Just as investing in the right commercial fryer is a tough yet vital task to any food service business, choosing the best fryer oil can also be tricky. There are so many factors to consider and once they’ve been addressed, it’s essential to understand how to look after it. Getting it right will not only reduce outlay on this potentially pricey ongoing cost but will also guarantee fried foods that will keep customers coming back for more.
We all know fried foods aren’t particularly the healthiest option but this still doesn’t stop them being one of the most loved and most ordered areas of the menu. Whether producing chips with a crisp crunch and fluffy filling, beautifully battered fish or a side of onion rings or mushrooms, frying is an essential aspect of every catering operation.
Here we break down the important areas of choosing and managing oil in an easy to digest guide.
This may sound rather redundant – obviously frying oil will be used for frying but the temperatures typically operated at, the types of foods being fried and the length of time the fryer will be in operation for will all play a part in the final selection of oil. Start with the basics and keep these in mind throughout the whole process. If a type of oil ticks all other boxes but doesn’t meet your core requirements then it’s obviously not a wise choice.
The smoking point of any oil is the temperature at which the oil begins to visibly smoke – not a good thing and definitely something to avoid. As commercial frying is carried out at high temperatures it’s vital to choose cooking oil with a high smoke point. It’s always best to look for oils with a smoking point starting at 200°C – 235°C / 400°F – 450°F and above.
Unrefined oils will have a low smoking point and so begin any search by concentrating on refined products. Also consider the level of free fatty acids (FFAs) in any given oil; the lower the better. Low FFAs result in a high smoke point.
All oil will also have a flash point and fire point. These are the temperatures at which oil will ignite however this is typically considerably higher than the smoking point.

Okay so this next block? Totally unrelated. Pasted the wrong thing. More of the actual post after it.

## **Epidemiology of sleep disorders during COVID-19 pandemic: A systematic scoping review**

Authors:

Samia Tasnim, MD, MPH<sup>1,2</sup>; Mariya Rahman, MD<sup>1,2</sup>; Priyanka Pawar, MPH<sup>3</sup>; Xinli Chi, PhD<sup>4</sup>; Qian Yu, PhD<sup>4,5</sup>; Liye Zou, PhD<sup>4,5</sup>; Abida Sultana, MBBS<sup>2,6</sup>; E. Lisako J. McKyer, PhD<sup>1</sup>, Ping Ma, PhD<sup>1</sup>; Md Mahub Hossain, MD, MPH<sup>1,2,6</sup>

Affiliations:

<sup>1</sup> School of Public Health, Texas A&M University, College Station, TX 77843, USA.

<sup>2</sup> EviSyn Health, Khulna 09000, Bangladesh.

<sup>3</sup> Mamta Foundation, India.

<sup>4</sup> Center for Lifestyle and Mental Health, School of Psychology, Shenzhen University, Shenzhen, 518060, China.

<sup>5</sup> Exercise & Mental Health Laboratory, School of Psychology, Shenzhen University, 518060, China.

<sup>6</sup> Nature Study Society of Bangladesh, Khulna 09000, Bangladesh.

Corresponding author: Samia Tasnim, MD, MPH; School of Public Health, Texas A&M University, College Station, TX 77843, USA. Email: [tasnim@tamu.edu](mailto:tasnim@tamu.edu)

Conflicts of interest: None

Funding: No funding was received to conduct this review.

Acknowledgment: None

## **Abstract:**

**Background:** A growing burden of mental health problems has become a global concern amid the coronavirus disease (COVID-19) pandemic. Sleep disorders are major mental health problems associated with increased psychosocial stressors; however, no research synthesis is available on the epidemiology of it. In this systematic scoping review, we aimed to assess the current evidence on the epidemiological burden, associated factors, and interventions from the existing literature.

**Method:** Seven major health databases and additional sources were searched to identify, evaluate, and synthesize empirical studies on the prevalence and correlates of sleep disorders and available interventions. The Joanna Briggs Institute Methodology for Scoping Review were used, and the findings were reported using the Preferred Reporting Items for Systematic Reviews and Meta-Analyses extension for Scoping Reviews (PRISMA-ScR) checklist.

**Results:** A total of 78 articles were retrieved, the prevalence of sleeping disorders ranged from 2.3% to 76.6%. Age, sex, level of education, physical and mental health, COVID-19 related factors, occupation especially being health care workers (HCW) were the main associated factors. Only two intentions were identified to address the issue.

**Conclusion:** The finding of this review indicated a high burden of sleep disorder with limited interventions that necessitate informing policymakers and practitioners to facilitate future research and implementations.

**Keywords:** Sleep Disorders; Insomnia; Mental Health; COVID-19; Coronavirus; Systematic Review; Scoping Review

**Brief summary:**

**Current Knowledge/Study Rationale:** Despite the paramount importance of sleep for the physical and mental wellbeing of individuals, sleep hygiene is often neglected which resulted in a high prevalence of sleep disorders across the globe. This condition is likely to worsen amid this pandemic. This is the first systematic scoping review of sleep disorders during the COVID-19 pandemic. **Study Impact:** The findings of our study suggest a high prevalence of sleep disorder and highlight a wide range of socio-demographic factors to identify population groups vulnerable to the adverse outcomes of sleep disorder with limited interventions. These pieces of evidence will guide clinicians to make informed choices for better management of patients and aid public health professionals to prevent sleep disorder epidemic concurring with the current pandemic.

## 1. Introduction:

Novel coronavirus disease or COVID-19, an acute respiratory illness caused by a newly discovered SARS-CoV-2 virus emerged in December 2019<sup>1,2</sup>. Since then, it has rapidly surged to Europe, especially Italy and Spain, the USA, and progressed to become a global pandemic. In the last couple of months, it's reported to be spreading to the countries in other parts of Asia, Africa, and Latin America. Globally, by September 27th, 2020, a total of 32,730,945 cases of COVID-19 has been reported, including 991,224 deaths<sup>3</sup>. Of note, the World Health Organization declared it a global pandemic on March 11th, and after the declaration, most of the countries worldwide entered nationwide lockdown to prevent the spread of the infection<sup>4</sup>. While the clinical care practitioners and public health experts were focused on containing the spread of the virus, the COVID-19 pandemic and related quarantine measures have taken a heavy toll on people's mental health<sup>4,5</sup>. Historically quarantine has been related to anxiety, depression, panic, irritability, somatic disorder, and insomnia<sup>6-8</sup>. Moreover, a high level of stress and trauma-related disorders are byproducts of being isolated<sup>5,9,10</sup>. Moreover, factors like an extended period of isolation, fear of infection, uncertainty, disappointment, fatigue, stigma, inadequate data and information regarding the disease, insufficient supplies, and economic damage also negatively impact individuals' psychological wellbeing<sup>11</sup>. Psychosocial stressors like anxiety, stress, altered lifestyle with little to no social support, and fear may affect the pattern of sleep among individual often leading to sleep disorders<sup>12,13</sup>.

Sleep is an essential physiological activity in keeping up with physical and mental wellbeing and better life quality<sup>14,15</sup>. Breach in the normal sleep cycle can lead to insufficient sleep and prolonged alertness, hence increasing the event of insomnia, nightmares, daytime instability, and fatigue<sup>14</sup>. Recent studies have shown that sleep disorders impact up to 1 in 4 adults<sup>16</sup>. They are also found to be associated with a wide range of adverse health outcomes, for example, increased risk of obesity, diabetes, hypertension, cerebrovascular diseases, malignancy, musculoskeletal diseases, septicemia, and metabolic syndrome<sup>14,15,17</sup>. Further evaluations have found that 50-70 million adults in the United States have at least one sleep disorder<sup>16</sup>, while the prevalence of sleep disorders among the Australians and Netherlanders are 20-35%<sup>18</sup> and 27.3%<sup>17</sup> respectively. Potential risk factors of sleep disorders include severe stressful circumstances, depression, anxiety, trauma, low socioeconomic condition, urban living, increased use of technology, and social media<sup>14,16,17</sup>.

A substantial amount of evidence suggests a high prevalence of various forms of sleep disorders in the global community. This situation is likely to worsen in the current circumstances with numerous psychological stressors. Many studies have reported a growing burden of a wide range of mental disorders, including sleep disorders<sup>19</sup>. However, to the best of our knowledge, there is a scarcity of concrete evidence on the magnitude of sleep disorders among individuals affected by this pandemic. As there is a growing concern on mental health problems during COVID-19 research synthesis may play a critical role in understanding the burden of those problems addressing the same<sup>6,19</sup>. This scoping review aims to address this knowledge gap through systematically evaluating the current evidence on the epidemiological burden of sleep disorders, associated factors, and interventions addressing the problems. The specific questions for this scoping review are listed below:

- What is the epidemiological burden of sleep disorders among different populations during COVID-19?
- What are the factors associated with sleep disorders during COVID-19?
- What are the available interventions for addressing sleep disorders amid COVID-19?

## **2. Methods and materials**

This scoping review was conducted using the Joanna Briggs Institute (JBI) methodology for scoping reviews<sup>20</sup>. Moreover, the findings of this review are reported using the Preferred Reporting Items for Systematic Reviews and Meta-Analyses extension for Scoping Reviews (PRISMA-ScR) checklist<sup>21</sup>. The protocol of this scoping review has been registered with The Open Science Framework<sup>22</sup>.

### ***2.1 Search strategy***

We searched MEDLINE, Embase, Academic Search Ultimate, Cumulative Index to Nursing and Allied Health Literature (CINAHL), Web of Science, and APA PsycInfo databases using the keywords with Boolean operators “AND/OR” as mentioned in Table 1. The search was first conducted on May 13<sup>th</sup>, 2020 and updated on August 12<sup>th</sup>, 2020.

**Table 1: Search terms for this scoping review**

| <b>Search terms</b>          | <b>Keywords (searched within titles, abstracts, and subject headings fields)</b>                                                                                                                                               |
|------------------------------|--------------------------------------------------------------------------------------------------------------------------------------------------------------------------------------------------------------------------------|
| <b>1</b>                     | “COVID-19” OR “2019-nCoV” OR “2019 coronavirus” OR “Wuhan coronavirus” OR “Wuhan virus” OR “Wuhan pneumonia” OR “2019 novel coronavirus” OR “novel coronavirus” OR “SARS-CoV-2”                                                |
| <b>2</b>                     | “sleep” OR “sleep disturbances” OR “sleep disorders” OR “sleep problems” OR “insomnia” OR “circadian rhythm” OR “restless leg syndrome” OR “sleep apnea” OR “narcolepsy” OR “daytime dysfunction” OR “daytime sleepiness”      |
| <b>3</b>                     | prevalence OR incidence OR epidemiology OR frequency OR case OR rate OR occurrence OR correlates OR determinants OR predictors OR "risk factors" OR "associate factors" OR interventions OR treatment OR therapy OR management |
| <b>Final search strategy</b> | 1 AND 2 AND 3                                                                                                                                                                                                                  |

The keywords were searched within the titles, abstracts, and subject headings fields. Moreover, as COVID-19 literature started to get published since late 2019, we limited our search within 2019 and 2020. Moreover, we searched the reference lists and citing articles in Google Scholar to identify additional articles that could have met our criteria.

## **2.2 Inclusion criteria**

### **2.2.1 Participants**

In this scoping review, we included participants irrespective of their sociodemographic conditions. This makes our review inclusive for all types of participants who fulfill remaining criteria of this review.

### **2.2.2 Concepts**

All oils will have slightly differing flavours and could ultimately have an effect on the flavour of food once fried. Often the taste of different oils will be better suited to and complement the frying of different ingredients, for example, best for fish, best for vegetables or general all-purpose oil. Taste transference can have a major impact on the final flavour of a dish however if this is something you wish to avoid, there are oils available that limit or prevent this transfer.
The public are very aware of the health implications of frying in this world of nutrition and fitness. Aim to use oils with monounsaturated or polyunsaturated fats with minimal saturated and trans fats.
When serving the public it’s vital to adhere to all food safety and allergen guidelines. If using peanut oil, for example, it could be disastrous for the customer and your business if you serve someone with a peanut allergy. If using any type of oil that could potentially cause a reaction, there are strict regulations requiring that the information be clearly stated.
Oil can be expensive especially if frying is a big part of the business such as in fish and chip shops. As it’s a necessary ongoing cost it should always be factored in to any budget for running costs. Consider the price of different oils and if there is any discount for bulk quantities. If buying in bulk to reduce cost, always make sure there’s plenty of storage space to house extra stock.
Choosing the right cooking oil is only the first part of the task. Having an effective oil management system in place is vital to prolonging the life of oil and achieving the best results, both with regards to flavour and visual appeal.
Areas to consider include:
- Skimming oil – regularly removing larger food debris from oil will help to slow the rate at which it breaks down leading to a longer life expectancy.
- Oil filtration – oil should be filtered at least once a day depending on how often the fryer is in use and the quantity of foods being produced. Filtering oil extends life expectancy and reduces the frequency of oil changes, saving money in the long run. Commercial fryers can now be purchased with an integral filter system that requires little manual intervention. Alternatively separate oil filtration units are available capable of filtering hot oil without coming into direct contact. With rapid filtering cycles, fryer down time is minimised for less disruption during long shifts. The Vito Oil Filtration range is a great solution for any kitchen looking to effectively cut oil costs down to size. Compact and simple to use, Vito offer the V30, V50 and V80 models suitable for all capacities.